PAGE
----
Finding Your Voice

Everyone starts the same way, I think, by imitating their favorite authors. I was a Heinlein clone, then a knockoff Hemingway, for a while I was a poor Vonnegut. No matter who you are impressed with or how hard you try to fashion your work after theirs, your own style will inevitably work its way to the surface.

Take Mr. Stephen King and one of his stylistic elements that appears repeatedly in his books: The sacrificial character we get to know way too well.

Suppose we get to a point in the story where the bad guy is going to kill some random person, the mailman, for instance. King will open the chapter with a quick introduction to the character – “Barry Converse had been on this route for twenty years, ever since they put the bypass in off of Route 28 out near Sheffield. Being former Army and a man who always prided himself in staying in shape, he parked at the top of the hill and made his deliveries on foot…”

This will go on for pages, long enough that we will temporarily forget the larger story we were reading, and then the last four paragraphs will cover his grueling murder at the hands of whichever death bringer haunts this book.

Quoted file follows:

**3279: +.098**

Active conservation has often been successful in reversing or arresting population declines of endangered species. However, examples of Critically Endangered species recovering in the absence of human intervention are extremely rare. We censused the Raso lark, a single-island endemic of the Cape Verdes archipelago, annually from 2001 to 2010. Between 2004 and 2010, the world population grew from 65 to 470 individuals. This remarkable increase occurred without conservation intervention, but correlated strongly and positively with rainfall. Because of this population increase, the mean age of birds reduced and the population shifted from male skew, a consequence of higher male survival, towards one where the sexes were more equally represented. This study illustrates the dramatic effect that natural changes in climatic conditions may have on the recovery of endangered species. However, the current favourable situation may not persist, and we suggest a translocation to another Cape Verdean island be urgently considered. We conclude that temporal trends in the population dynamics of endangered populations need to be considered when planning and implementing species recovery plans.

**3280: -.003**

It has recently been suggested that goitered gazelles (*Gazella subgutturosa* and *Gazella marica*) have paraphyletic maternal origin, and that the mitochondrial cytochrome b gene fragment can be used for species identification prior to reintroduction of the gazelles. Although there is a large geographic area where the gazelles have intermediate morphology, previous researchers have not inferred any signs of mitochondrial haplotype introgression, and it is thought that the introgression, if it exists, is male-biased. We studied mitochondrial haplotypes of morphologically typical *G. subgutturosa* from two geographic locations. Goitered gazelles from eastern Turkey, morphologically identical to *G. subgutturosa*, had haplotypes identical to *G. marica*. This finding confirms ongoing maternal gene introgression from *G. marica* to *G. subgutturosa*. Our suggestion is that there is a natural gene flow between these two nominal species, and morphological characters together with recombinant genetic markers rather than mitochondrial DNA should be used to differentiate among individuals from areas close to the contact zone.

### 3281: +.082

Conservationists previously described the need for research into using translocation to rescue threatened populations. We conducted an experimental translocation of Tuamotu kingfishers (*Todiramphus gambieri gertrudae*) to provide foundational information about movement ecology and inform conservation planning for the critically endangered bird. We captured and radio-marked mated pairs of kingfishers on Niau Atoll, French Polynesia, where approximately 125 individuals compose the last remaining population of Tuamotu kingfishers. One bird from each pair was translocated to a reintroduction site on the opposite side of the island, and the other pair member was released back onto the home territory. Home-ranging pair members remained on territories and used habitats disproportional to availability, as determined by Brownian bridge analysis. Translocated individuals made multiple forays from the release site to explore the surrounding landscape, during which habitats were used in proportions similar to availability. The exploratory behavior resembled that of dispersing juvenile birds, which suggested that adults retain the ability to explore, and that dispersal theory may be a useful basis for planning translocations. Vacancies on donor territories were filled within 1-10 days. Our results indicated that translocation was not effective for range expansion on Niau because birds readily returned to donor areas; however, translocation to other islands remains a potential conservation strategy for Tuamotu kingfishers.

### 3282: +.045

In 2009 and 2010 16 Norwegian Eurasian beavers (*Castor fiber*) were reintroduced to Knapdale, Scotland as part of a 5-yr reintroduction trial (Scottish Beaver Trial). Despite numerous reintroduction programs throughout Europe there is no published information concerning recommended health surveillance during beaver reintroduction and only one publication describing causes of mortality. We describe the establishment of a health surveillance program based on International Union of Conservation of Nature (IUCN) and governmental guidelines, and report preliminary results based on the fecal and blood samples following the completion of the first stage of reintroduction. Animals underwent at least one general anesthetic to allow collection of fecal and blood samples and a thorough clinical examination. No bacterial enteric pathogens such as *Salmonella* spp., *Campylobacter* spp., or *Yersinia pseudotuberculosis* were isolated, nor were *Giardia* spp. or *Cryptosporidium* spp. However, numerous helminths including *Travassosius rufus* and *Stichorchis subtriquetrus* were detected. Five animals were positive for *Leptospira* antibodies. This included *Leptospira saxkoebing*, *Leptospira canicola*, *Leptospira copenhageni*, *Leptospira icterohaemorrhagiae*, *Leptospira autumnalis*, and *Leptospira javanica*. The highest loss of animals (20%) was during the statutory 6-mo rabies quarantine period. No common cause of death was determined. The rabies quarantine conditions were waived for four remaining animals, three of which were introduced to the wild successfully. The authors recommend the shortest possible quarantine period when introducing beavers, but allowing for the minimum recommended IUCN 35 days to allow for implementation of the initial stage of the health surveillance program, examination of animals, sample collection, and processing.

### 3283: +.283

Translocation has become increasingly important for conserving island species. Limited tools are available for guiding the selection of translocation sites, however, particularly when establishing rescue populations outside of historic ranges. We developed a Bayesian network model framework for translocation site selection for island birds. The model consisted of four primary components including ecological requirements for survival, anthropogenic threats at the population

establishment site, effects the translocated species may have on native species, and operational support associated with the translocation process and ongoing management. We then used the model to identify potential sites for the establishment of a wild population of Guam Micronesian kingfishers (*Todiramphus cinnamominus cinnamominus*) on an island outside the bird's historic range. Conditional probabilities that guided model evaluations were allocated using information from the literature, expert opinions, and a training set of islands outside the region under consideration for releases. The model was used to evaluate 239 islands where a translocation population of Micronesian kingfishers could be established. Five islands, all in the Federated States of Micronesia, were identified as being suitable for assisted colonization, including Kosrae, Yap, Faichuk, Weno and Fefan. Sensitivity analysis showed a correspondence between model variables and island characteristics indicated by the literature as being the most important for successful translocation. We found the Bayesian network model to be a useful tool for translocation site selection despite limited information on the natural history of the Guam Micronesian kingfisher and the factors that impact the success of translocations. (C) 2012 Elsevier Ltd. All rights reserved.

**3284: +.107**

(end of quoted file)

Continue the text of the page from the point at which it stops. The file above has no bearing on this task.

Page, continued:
Here are two true things about these King diversions:

  1. They are unnecessary, verbose, diverting and I wouldn’t accept them any other author dead or alive.
  2. I relish them in King’s books.

I don’t know why. I can’t explain it. If someone else were to pull that kind of performative character sacrifice on me, I would put the book down and happily move on. But I read and enjoy every one of these damn things in a King novel.

When it’s my turn to write the scene, no one who isn’t a character in the larger plot or the lesser arcs even gets a name. “The postman was the first to go, three red dots stitched across the front of his blue USPS jacket and emerged as three fist-sized holes in his back. He went down. The mail skittered into the street. The wind kicked up as if trying to finish the deliveries…”

How did I discover this was my style? By trying to copy King and just hating every minute of it. By going through the editing process and noticing I’m always removing these superfluous characters. By doing what feels natural and noting how it differs from my (unwilling) mentors.

The author who most shaped my style would have to be Raymond Chandler. I started as a detective novelist and I studied him so hard my first book was a 1940s noir detective story. But even then, when I was listening to Glenn Miller and reading old newspapers online to get the voice right in my head, I still felt like some of the similes (“She had a shape I could feel in my wallet”) were performative so I dropped most of them.

An artist friend of mine once likened the process to copying someone else’s picture. “Whatever comes out, that’s your version because it’s in your style.”

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